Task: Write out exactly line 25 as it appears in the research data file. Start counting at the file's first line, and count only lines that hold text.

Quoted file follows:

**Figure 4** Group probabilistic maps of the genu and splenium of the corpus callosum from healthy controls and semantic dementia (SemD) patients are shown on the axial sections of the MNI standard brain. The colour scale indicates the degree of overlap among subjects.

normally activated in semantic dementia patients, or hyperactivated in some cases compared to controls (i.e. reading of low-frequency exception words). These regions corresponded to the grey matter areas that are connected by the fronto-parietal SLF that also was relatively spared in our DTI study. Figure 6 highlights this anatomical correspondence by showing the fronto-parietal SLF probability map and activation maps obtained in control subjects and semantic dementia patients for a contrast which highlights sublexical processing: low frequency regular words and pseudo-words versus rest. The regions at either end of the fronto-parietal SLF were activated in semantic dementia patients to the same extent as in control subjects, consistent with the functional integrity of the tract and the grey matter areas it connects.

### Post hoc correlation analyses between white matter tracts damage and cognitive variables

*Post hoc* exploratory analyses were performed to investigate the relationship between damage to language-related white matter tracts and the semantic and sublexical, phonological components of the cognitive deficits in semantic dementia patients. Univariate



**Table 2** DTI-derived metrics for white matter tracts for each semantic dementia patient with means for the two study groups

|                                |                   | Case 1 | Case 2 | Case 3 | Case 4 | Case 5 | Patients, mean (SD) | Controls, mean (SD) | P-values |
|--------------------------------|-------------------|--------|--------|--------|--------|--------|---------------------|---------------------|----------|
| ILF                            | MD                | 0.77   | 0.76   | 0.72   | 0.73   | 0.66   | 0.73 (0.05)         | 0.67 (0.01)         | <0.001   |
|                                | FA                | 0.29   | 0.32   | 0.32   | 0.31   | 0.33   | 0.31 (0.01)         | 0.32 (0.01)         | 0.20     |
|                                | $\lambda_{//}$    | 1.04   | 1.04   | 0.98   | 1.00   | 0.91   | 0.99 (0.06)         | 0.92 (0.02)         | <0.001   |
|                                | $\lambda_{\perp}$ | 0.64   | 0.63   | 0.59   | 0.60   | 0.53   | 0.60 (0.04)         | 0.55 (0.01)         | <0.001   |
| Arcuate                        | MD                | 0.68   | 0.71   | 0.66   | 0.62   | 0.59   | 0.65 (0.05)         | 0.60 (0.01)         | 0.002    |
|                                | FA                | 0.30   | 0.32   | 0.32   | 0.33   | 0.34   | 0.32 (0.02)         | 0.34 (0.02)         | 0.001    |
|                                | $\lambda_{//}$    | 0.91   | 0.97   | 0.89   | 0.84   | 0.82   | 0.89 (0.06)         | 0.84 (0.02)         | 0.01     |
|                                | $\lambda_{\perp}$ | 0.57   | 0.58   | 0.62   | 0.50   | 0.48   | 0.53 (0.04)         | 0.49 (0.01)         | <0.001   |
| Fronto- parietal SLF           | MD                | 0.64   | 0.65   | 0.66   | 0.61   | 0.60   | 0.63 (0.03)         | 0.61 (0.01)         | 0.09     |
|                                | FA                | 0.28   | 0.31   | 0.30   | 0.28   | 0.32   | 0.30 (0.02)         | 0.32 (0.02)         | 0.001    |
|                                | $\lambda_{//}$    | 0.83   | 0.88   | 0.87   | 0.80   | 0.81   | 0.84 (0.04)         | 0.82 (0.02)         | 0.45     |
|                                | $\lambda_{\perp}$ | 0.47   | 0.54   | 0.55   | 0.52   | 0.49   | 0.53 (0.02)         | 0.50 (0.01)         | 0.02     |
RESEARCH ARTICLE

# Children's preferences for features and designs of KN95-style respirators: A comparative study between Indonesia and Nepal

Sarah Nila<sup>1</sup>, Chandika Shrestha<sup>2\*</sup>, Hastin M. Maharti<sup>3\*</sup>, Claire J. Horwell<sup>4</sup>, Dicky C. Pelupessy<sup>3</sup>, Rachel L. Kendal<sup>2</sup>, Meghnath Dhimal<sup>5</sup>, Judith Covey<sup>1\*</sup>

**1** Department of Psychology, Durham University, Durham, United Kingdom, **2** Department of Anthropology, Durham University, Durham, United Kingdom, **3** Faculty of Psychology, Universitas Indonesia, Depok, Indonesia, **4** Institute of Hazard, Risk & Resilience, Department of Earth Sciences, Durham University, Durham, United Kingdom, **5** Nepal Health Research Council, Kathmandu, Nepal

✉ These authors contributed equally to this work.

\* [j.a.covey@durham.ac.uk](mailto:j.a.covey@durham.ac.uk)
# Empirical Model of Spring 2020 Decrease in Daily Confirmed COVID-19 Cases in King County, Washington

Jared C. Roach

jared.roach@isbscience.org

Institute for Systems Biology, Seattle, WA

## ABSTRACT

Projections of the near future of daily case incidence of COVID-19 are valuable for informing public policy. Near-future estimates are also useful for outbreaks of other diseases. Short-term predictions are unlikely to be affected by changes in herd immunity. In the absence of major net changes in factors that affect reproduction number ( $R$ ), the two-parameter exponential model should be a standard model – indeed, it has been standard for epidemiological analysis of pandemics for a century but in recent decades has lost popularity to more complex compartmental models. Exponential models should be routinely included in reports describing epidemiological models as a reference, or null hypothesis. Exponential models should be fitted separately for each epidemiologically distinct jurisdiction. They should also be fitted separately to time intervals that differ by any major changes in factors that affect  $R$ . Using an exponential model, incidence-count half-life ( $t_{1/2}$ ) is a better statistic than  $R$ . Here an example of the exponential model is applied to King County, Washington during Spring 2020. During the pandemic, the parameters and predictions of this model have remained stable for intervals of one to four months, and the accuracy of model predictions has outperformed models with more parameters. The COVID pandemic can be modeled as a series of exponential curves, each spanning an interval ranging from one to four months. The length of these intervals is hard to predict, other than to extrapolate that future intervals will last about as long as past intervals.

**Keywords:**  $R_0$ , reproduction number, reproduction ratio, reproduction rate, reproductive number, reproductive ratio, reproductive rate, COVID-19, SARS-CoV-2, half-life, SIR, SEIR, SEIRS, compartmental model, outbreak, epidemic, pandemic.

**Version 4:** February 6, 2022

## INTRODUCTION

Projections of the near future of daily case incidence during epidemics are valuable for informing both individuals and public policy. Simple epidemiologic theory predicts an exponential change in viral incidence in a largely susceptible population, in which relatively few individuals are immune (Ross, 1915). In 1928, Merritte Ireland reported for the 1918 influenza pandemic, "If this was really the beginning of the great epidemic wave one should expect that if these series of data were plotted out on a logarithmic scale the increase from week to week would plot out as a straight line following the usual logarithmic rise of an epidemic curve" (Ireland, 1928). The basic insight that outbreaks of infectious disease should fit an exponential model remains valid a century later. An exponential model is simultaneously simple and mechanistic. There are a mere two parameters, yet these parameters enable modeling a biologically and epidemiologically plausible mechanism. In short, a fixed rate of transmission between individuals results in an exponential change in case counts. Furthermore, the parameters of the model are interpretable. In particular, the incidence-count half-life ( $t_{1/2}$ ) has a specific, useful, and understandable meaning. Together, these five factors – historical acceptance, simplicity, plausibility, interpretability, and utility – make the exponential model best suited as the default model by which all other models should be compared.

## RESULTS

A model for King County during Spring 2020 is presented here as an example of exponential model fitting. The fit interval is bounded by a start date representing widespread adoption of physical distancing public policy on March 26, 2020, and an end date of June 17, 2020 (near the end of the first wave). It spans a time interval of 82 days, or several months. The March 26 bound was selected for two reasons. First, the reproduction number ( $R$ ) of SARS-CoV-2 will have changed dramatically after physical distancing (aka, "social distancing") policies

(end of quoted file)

\* [j.a.covey@durham.ac.uk](mailto:j.a.covey@durham.ac.uk)